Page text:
On 1 December 2018, while transferring planes at Vancouver International Airport en route to Mexico from Hong Kong, Meng was arrested by Canadian authorities at the request of the United States, pursuant to the extradition treaty between Canada and the United States.[19][20][17] On 7 December, it was revealed that an arrest warrant had been issued on 22 August 2018 by the United States District Court for the Eastern District of New York;[21] According to Crown counsel in Canadian court, Meng was "charged with conspiracy to defraud multiple international institutions".[22] The warrant was based on allegations of a conspiracy to defraud banks which had cleared money that was claimed to be for Huawei, but was actually for Skycom,[23] an entity claimed to be entirely controlled by Huawei, which was said to be dealing in Iran, contrary to sanctions. According to the defense lawyer, the bank involved in the dealings was HSBC. The allegations were rejected by the defense lawyer saying Meng did not break any US or Canadian law.[24] The Crown counsel said that the case against Meng stemmed from a 2013 Reuters report about the company's close ties to Hong Kong-based Skycom Tech, which attempted to sell U.S. equipment to Iran despite U.S. and European Union bans.[25]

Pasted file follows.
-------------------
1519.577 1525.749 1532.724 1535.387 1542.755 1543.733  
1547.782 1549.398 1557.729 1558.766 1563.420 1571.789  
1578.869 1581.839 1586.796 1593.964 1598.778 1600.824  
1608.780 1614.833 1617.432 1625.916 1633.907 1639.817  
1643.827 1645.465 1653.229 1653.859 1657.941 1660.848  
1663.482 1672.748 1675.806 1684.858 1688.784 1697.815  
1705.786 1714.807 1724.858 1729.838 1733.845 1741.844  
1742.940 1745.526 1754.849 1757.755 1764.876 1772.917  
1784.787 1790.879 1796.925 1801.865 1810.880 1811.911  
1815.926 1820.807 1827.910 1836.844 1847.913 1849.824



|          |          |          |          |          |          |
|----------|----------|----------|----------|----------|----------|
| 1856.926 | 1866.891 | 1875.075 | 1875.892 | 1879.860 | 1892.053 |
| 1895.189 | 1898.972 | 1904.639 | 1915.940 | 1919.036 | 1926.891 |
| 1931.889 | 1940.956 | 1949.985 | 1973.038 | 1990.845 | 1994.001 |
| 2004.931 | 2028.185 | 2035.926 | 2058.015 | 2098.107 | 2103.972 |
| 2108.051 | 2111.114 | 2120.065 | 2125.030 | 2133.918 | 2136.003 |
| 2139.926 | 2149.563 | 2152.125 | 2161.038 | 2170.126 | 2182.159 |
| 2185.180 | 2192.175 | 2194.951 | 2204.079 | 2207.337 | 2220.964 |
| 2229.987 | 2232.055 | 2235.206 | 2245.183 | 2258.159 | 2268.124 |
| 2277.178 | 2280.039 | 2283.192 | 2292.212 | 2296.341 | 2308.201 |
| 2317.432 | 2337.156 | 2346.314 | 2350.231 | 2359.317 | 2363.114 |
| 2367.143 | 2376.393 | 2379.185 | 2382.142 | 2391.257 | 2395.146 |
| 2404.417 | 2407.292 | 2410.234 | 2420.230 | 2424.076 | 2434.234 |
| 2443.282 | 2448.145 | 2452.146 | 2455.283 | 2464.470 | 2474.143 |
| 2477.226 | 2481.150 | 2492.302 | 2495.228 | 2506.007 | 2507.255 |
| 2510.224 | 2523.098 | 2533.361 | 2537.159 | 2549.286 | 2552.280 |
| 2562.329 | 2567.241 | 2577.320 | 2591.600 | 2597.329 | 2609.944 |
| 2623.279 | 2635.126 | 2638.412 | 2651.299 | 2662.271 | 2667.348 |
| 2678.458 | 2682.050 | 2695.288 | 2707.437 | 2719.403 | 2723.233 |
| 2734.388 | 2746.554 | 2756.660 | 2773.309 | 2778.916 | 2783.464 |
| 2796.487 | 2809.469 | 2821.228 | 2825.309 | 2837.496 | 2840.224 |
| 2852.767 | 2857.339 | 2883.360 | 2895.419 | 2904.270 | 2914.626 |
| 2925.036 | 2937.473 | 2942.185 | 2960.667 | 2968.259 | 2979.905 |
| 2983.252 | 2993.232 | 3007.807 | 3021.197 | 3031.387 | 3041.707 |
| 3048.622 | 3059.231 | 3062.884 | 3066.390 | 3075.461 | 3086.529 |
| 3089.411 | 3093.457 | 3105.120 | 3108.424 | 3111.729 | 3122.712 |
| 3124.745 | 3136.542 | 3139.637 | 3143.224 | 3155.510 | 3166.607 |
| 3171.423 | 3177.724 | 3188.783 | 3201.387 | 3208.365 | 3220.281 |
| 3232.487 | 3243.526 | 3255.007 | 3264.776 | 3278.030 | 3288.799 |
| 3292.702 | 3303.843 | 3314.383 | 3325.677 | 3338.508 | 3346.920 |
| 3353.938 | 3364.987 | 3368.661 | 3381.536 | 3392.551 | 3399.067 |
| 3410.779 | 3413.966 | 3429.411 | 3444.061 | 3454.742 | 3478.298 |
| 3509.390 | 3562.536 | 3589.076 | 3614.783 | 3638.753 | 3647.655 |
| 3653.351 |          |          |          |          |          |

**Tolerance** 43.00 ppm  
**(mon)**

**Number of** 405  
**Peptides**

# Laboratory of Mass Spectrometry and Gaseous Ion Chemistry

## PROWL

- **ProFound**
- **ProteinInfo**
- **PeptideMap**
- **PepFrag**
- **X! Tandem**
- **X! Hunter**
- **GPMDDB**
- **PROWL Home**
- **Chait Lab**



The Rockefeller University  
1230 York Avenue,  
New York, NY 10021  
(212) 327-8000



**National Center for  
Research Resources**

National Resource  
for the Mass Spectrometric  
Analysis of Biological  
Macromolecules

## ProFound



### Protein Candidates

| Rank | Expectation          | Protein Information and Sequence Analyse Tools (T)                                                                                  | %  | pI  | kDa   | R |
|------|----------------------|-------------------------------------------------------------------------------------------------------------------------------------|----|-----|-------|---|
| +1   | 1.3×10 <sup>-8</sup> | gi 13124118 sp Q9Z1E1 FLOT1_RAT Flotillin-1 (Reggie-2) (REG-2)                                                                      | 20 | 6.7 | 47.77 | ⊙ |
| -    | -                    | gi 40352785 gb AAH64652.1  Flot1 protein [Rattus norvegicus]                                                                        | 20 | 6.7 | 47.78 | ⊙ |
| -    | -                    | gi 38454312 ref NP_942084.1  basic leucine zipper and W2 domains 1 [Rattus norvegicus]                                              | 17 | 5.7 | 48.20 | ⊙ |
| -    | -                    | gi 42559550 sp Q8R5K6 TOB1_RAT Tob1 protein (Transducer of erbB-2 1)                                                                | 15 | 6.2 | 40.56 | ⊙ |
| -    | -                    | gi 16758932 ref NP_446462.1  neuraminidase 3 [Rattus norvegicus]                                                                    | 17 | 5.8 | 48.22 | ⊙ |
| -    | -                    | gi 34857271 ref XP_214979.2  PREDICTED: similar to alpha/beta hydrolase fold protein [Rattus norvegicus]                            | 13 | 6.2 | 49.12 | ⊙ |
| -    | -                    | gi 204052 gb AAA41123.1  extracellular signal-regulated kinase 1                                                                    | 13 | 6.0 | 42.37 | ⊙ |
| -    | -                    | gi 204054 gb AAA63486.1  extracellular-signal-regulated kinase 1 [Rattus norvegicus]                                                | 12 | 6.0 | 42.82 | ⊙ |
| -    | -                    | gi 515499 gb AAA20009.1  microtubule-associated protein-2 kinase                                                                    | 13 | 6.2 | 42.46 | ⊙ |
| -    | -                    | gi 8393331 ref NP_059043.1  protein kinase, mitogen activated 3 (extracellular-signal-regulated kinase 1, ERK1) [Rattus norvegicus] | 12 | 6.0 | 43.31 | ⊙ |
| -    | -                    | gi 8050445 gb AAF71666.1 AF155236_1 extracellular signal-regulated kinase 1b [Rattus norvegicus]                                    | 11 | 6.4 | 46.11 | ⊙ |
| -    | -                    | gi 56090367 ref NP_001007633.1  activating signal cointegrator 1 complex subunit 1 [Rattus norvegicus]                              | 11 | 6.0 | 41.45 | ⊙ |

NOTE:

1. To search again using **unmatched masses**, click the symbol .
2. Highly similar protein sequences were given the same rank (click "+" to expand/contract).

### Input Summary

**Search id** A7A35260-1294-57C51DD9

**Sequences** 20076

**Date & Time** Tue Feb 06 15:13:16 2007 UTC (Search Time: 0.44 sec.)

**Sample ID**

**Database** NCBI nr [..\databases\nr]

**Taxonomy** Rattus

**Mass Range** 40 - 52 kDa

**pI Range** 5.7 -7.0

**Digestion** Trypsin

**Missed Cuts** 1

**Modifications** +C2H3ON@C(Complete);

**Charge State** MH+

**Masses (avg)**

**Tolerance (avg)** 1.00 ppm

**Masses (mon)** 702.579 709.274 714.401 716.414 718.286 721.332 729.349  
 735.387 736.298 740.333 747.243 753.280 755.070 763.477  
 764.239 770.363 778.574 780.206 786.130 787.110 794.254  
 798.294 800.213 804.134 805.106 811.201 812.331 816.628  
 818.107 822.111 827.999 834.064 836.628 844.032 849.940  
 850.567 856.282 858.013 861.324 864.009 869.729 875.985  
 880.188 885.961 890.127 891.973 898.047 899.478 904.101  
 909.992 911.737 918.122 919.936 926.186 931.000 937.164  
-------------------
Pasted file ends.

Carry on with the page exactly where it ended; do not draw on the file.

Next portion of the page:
From 7 to 11 December, Meng attended a bail hearing in Vancouver. She was released on a C$10 million bail[26] that was granted with conditions, including electronic surveillance.[27] She was required to hand over her passports, of which seven were listed in her court records. A further passport whose serial number begins with "P" was not listed; these passports are normally issued to employees of the Chinese government for travel related to public affairs.[28]